For £1.49 in a charity shop, the slightly battered Readers Union book seemed like a bargain. I only took a cursory glance, the illustrations suggesting it was another bit of local history written by an enthusiast
I put it on the shelf with the other Yorkshire books ready for when I finished whatever I was reading at the time and there The Great Skipton Show by Roger Mason has remained for several years since. Until now.
As I made vague plans for my exploration of Yorkshire this summer, Skipton seemed to offer an interesting day out so I dusted off the book and started to read. What a surprise.
Instead of a worthy reporting of facts and figures, Roger Mason has woven all his knowledge into a narrative that not only gives a vivid impression of what life was like in Skipton at the start of the 20th century but also manages to tell some of the past history and even includes a legend or two. At times he has to use conversations that seem a bit contrived but overall he does that difficult thing – done so well in BBC historical dramas – of informing while entertaining. Best of all, he can move and he can amuse
Here’s a taster: it’s dawn on the day of the Great Skipton Show and Joady, a cattleman uncomfortable around folk, is sitting by the church wall trying to shake off his hangover before preparing his bull for what he hopes will be a prize-winning appearance Along the road comes a man pushing a cart:
“At the top, just below the churchyard wall, the fellow stopped to wipe his brow. Then the long squeaking note of a badly fixed wheel died away and a chorus of squeals rose to a crescendo.
‘Must have a litter o’ pigs in that barrel,’ thought Joady, and wrinkled his brow, for he hadn’t much time for pigs, they were too much like folk, noisy, greedy, pushing, never letting you alone.
The man trundled his hand-cart forward a short way, then halted above the sheep pens. He rested the trolley on its legs and edged the half barrel over. It rocked to and fro for a moment before dropping suddenly to the ground with a thud. The yelps and squeals were redoubled and a circle of small snouts rose above the rim in noisy protest.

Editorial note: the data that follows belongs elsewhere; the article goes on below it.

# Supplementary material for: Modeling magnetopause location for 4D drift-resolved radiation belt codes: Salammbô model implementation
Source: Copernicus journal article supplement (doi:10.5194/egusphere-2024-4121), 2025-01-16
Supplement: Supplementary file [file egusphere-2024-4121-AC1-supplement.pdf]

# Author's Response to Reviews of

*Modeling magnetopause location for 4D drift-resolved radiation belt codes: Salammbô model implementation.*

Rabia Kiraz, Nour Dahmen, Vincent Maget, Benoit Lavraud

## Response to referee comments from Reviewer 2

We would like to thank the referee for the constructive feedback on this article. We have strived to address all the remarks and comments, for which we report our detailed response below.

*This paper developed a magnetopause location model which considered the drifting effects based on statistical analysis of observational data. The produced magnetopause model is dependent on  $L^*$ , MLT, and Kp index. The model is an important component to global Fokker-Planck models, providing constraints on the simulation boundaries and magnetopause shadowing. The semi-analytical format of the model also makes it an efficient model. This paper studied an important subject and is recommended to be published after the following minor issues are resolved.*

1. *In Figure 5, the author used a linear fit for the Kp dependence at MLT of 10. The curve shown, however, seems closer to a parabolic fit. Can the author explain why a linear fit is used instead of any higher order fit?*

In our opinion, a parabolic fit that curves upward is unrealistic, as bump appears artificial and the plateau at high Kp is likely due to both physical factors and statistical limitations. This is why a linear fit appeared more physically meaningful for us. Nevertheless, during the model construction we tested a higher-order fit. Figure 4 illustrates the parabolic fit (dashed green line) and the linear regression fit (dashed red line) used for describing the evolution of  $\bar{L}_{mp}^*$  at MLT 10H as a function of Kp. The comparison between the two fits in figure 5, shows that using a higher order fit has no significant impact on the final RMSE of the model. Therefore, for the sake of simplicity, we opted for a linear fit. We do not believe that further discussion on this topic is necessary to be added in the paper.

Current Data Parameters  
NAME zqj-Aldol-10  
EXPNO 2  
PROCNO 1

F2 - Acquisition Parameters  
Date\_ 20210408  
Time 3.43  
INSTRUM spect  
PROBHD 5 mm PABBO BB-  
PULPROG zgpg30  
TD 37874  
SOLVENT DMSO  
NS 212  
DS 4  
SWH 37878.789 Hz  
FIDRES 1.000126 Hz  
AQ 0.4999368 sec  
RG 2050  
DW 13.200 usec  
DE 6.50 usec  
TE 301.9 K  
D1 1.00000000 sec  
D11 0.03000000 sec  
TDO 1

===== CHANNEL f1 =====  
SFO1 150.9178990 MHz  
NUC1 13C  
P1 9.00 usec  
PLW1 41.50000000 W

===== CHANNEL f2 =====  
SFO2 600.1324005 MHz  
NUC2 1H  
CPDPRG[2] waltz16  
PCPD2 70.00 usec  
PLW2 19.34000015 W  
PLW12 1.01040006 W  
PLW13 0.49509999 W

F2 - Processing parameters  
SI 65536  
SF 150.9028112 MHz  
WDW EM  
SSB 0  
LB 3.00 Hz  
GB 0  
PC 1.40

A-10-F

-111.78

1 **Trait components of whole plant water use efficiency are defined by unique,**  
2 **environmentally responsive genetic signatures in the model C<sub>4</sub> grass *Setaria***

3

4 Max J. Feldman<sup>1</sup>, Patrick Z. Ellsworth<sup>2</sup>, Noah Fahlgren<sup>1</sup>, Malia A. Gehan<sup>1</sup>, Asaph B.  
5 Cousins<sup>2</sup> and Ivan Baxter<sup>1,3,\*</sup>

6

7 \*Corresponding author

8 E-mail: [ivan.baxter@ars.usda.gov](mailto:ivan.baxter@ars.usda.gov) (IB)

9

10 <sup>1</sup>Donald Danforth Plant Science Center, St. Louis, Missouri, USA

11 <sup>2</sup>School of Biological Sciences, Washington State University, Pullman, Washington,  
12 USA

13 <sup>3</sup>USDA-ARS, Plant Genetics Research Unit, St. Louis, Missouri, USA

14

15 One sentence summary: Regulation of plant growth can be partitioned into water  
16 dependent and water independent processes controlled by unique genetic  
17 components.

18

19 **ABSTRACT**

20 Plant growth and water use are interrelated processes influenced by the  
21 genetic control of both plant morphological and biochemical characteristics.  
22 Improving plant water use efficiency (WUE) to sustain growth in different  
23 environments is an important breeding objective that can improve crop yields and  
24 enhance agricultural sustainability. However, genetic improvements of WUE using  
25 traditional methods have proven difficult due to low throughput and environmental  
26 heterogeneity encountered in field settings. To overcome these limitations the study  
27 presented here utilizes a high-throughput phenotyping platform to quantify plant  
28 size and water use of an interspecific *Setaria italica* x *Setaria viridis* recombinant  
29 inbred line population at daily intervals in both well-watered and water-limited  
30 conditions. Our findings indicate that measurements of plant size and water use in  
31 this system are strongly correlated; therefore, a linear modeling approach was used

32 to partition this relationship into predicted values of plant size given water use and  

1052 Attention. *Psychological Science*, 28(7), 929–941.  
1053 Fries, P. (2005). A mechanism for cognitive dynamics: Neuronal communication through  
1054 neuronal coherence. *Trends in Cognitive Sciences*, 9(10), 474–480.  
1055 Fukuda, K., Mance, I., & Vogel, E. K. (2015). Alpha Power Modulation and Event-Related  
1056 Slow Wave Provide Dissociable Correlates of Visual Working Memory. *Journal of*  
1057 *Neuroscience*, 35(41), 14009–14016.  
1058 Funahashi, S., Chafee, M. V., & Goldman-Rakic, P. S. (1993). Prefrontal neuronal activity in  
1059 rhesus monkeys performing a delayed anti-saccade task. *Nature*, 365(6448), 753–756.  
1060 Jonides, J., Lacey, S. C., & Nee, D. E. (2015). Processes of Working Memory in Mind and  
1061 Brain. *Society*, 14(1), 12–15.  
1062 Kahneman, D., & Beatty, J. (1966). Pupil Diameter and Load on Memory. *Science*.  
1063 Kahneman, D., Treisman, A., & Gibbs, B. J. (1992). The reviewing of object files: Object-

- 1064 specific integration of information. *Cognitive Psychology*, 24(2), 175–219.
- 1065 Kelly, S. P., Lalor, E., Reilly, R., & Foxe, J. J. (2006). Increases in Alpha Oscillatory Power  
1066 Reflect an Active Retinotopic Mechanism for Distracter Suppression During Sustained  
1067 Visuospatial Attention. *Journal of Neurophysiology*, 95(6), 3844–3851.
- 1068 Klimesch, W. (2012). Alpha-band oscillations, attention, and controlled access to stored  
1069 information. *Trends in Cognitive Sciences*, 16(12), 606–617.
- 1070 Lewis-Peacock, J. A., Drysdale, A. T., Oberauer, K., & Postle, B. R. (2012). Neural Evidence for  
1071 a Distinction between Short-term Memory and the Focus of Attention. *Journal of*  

Joady chuckled at the sight, thinking how like they were to the upturned faces of the choir-boys in church when the parson clipped an ear or two for whispering.
The man threw the sacking back over his livestock and, after stretching himself, wandered up to the churchyard to take a seat near Joady.
‘Fine morning,’ he grunted
‘Aye,’ replied Joady, ‘it’ll be hot.’
The man made no reply. His social duties were over and he slumped in silence on his bench. Joady looked around for another subject of connversation
‘Not many folk about…’ he said, tentatively.
The man grunted. Joady’s eye rested on an old green tombstone. There were few new headstones in the graveyard and hardly a sign of recently disturbed earth. An air of peace had attracted him, the old yews overhanging and the long restful outline of the old church
‘They don’t die very often here, I reckon.’
‘Nobbut once,’ the pig porter muttered laconically in reply before resuming his slump, chin on knuckles.
Joady gave up. His conversational powers were exhausted. He felt embarrassed by his failure and laid his forehead on the cool stone once more.”
I’ve enjoyed it so much that I’ve ordered second-hand copies of Roger Mason’s other books, Granny’s Village and Plain Tales from Yorkshire. But I can’t find anything out about him. Anyone able to fill in the details?